In dealing with the issue the court considered the landmark case of R v Panel on Takeovers and Mergers, exparte Datafin PLC and another reported in (1987) QB 815. In this case, the Court of Appeal was concerned with the actions of the Panel on Take-overs and Mergers which it termed as a truly remarkable body as it is an unincorporated association without legal personality. The Court of Appeal further noticed that although the body was self-regulating, they were promulgating, amending and interpreting City Code on Take-Overs and Mergers. Lloyd LJ in his findings noted that “where there is a possibility, however remote, of the panel abusing its great powers, then it would be wrong for the courts to abdicate responsibility”. Lloyd LJ further notes that “Of course the source of the power will often perhaps usually be decisive. If the source of the power is a statute, or subordinate legislation under a statute, then clearly the body in question will be subject to judicial review…. If the body in question in exercising public law functions, or if the exercise of its functions have public law consequences, then that may be sufficient to bring the body within the reach of judicial review”.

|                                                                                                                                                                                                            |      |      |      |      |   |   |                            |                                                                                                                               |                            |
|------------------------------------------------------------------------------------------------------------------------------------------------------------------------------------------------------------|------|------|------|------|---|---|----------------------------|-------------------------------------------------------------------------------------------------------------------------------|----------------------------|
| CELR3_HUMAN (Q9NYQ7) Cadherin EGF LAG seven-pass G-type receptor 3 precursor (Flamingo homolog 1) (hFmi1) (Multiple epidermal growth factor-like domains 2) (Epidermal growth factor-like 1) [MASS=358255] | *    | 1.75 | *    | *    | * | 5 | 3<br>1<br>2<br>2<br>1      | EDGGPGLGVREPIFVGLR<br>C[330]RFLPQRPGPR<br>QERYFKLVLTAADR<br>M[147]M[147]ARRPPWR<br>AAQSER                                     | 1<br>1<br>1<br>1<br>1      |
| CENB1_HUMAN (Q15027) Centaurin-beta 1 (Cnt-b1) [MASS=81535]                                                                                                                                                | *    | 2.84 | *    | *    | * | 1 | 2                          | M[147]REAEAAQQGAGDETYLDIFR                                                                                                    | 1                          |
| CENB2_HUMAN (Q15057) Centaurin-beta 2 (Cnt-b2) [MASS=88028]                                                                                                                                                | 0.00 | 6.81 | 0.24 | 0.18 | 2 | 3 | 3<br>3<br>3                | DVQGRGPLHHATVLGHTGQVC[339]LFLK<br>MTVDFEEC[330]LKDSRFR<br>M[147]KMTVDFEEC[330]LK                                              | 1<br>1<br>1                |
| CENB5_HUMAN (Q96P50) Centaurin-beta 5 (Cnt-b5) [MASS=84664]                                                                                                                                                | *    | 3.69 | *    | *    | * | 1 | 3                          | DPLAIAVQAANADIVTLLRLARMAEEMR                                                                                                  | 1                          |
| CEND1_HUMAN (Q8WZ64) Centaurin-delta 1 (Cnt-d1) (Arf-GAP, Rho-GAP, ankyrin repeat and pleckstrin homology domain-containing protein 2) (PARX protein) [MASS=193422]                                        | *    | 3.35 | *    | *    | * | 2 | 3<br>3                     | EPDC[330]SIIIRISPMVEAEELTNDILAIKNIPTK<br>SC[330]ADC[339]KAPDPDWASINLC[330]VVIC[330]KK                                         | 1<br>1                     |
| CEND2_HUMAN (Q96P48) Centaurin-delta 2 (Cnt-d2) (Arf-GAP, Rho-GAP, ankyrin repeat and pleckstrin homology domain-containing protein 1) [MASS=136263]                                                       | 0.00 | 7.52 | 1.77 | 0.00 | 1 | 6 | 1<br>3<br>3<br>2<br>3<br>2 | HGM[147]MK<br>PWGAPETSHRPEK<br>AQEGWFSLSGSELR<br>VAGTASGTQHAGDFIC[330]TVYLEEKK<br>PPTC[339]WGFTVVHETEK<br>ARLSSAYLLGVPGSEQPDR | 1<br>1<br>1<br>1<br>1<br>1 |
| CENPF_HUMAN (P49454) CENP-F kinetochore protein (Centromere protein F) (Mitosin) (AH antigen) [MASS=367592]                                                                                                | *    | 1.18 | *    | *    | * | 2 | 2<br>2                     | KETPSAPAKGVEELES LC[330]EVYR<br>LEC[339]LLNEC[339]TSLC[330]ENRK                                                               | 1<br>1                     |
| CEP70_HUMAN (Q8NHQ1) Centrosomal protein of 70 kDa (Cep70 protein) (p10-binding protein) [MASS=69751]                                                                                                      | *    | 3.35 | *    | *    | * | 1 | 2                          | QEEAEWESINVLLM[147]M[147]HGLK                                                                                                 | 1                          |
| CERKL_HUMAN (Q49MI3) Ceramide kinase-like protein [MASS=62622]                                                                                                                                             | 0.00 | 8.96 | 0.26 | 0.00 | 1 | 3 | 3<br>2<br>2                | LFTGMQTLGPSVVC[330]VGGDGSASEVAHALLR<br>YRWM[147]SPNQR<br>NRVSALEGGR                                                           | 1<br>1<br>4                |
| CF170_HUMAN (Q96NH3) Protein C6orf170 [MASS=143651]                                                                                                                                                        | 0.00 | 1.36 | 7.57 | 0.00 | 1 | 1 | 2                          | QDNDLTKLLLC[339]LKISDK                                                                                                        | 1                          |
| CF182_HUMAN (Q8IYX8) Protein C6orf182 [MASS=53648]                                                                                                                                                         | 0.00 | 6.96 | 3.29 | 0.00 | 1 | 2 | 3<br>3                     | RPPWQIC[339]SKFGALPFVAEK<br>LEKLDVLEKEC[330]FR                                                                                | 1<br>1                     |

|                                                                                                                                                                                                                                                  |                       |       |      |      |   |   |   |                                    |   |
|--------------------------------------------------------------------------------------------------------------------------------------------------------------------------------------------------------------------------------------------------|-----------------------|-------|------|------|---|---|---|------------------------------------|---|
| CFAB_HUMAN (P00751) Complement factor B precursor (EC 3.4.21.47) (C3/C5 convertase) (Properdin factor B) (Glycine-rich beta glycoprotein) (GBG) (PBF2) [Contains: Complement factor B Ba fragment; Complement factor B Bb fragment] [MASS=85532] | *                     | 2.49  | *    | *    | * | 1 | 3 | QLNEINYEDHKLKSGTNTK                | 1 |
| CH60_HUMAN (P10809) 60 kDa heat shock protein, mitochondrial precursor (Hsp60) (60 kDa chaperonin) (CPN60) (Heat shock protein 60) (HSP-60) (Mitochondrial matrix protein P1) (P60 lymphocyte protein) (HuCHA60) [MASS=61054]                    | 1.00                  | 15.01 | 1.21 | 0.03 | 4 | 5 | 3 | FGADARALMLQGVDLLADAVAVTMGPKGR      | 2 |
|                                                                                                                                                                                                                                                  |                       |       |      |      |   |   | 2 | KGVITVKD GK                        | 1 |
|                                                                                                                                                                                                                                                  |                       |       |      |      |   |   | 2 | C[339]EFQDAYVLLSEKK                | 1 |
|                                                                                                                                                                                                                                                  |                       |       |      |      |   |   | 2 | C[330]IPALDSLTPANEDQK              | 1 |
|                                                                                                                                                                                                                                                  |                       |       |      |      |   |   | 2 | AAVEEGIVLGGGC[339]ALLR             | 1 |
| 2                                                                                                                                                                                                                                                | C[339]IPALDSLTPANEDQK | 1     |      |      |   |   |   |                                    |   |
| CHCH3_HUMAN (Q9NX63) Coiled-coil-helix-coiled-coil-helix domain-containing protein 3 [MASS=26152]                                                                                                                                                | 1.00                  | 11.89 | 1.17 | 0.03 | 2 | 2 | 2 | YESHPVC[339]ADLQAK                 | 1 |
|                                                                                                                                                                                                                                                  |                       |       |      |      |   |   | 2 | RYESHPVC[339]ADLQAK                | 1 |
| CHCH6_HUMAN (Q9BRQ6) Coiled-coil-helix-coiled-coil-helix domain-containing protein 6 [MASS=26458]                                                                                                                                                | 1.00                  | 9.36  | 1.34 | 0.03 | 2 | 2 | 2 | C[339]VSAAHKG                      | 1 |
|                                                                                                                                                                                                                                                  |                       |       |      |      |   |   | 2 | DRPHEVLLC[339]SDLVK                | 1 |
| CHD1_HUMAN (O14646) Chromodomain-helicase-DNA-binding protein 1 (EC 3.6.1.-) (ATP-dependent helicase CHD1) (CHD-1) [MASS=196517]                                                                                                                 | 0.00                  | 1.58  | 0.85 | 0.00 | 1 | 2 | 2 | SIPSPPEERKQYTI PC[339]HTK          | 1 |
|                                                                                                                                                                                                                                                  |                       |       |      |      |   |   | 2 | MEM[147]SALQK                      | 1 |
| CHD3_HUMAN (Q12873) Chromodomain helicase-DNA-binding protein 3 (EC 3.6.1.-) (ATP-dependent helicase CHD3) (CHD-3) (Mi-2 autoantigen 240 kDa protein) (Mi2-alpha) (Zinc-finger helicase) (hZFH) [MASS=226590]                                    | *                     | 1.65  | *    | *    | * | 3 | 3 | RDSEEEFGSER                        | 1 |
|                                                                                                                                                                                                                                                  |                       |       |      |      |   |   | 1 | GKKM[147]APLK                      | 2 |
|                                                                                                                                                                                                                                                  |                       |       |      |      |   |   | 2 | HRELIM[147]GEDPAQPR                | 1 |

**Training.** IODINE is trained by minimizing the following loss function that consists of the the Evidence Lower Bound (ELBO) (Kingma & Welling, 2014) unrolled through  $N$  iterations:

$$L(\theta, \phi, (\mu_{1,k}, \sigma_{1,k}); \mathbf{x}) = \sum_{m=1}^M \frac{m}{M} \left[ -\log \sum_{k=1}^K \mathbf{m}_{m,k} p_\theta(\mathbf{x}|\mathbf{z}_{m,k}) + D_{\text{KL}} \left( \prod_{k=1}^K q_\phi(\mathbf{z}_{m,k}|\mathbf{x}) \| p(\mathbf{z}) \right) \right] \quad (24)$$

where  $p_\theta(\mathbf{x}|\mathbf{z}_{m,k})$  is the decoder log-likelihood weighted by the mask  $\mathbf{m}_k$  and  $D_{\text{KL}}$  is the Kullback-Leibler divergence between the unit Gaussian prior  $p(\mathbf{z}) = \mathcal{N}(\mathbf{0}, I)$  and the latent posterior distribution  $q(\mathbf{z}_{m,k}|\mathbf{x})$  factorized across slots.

The court also considered the unreported case of The London Metal Exchange ex p. Albatros Warehousing BV (2000). In this case, Mr. Justice Richards considered the issue of what constitutes a public function. By referring to the Datafin PLC case, he pointed to the need to make broad assessment of all circumstances of a case and in particular on the “extent to which the powers can be said to be woven into a system of governmental control”.